Tamaki cites, “Between 1949 and 1973, there were 2,532 eminent domain projects where cities could declare private property condemned because it was needed for public use. So those projects that were going on in 992 cities, 1 million people got displaced, two-thirds of whom were African American. And so, these are improvements that enhance the productivity and the wealth of an entire region, but African Americans disproportionately lost their homes and businesses as a result.” Currently, Tamaki and the California Reparations Task Force are working to address California’s role in systemic racism. 

Allyship to Create Change

Don Tamaki received the Edison Uno Civil Rights Award at JACL Convention in July, 2023

Tamaki’s experience with one of the few successful redress and reparations movements in modern United States history makes his perspective valuable to the movement for reparations for African Americans. As a Japanese American, Tamaki knows what it is like to be discriminated against based on your race. He, like many other Japanese Americans, knows the pain that xenophobic attitude and generational trauma can have.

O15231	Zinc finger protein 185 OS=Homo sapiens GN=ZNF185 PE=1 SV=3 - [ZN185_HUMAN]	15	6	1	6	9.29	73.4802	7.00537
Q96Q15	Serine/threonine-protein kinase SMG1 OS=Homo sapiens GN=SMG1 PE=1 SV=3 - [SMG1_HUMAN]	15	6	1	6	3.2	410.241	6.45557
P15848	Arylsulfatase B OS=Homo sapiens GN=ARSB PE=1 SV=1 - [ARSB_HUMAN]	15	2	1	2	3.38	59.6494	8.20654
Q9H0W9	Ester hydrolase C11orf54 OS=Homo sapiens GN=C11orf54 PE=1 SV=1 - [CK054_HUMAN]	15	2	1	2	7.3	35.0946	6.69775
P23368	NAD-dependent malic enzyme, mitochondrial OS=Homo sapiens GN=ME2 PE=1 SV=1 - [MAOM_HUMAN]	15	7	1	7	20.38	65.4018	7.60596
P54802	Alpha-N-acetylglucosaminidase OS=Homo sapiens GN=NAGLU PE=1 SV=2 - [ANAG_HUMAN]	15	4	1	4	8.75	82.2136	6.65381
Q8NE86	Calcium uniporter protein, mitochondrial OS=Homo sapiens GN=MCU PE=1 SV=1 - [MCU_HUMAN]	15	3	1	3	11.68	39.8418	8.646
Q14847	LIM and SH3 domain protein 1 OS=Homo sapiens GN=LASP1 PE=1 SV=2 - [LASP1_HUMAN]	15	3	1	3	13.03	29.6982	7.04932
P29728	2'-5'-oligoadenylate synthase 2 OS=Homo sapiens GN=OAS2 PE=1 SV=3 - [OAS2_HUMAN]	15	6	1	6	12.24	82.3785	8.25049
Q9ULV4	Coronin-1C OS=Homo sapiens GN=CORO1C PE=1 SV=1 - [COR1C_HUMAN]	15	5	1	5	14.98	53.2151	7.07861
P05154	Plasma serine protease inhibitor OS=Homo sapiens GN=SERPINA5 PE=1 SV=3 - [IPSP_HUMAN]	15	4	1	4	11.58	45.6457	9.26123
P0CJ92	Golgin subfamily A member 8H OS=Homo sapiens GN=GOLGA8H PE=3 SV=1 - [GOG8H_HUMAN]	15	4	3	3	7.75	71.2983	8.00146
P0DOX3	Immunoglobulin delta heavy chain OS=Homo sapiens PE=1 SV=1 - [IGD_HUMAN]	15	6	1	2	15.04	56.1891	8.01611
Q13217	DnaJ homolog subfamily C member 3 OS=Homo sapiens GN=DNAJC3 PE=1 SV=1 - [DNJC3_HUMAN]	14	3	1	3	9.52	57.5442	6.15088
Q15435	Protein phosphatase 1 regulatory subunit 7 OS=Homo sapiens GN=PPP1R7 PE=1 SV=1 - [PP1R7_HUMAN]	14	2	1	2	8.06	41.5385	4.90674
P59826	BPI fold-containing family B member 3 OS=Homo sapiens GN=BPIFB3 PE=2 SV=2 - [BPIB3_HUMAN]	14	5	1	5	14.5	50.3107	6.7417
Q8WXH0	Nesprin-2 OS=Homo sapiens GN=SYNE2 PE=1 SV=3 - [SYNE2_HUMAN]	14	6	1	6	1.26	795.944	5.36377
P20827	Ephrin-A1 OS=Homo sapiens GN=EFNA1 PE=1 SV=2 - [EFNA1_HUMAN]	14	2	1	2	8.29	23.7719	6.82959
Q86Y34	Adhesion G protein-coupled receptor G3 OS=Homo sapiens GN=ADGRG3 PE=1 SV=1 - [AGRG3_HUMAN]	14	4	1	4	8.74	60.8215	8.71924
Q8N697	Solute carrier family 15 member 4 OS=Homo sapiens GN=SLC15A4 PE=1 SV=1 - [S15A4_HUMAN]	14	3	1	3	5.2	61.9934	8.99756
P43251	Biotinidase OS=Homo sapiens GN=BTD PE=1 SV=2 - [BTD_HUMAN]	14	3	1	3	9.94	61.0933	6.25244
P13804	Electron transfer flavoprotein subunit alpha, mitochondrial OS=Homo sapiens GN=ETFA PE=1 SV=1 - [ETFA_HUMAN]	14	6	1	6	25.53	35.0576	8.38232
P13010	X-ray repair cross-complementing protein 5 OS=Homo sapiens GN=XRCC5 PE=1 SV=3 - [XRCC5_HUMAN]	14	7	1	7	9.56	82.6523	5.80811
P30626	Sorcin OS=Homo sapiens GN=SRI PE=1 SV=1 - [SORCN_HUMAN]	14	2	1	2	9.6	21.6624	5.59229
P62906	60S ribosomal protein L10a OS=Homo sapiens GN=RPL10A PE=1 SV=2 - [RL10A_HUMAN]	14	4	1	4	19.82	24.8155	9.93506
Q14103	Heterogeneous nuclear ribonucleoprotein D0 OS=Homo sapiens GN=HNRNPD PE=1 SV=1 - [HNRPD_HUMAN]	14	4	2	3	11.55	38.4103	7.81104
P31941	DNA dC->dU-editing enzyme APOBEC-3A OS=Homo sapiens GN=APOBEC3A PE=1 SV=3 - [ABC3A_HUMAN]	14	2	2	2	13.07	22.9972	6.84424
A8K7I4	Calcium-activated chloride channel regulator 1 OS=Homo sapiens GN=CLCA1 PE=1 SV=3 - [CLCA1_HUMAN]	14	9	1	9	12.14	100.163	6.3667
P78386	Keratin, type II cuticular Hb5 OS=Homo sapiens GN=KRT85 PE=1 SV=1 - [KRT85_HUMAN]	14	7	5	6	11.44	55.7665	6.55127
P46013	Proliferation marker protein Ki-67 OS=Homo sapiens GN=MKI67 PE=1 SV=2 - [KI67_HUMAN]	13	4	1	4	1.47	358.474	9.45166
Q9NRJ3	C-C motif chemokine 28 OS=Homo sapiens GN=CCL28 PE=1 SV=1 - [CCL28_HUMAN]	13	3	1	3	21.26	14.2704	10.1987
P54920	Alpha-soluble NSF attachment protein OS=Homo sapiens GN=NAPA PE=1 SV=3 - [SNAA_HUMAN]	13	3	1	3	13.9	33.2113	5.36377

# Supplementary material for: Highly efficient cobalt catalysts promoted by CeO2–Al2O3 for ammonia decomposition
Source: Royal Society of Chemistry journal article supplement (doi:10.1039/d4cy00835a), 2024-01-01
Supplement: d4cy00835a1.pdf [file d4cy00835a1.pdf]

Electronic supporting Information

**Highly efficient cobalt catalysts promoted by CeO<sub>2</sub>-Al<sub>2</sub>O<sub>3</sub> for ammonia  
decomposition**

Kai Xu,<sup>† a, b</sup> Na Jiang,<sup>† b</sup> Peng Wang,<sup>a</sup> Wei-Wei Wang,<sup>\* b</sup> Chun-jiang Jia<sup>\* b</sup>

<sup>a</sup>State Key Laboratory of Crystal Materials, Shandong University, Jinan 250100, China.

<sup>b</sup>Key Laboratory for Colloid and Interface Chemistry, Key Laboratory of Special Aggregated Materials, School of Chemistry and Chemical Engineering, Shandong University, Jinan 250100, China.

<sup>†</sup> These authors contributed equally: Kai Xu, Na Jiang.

According to Tamaki, the racial oppression experienced by the African American community is unparalleled, but we are able to empathize with them. He understands the reparations are more than just a check in the mail, but rather redressing a long and ongoing wrong. Reparations are a starting point to healing for the African American community. Tamaki views his role as an ally to their community. 

In the movement to overturn Korematsu, there was tremendous allyship within the minority communities. Without allyship, no marginalized community will be able to create change on their own. Tamaki is serving as a liaison between the African American and Japanese American communities, using his own experience to draw support. When asked about his role within the task force, Tamaki said, “We have to get involved in moving the needle of public opinion, organizing to rally support, to educate the public about what it is. It’s more than a check in the mail.”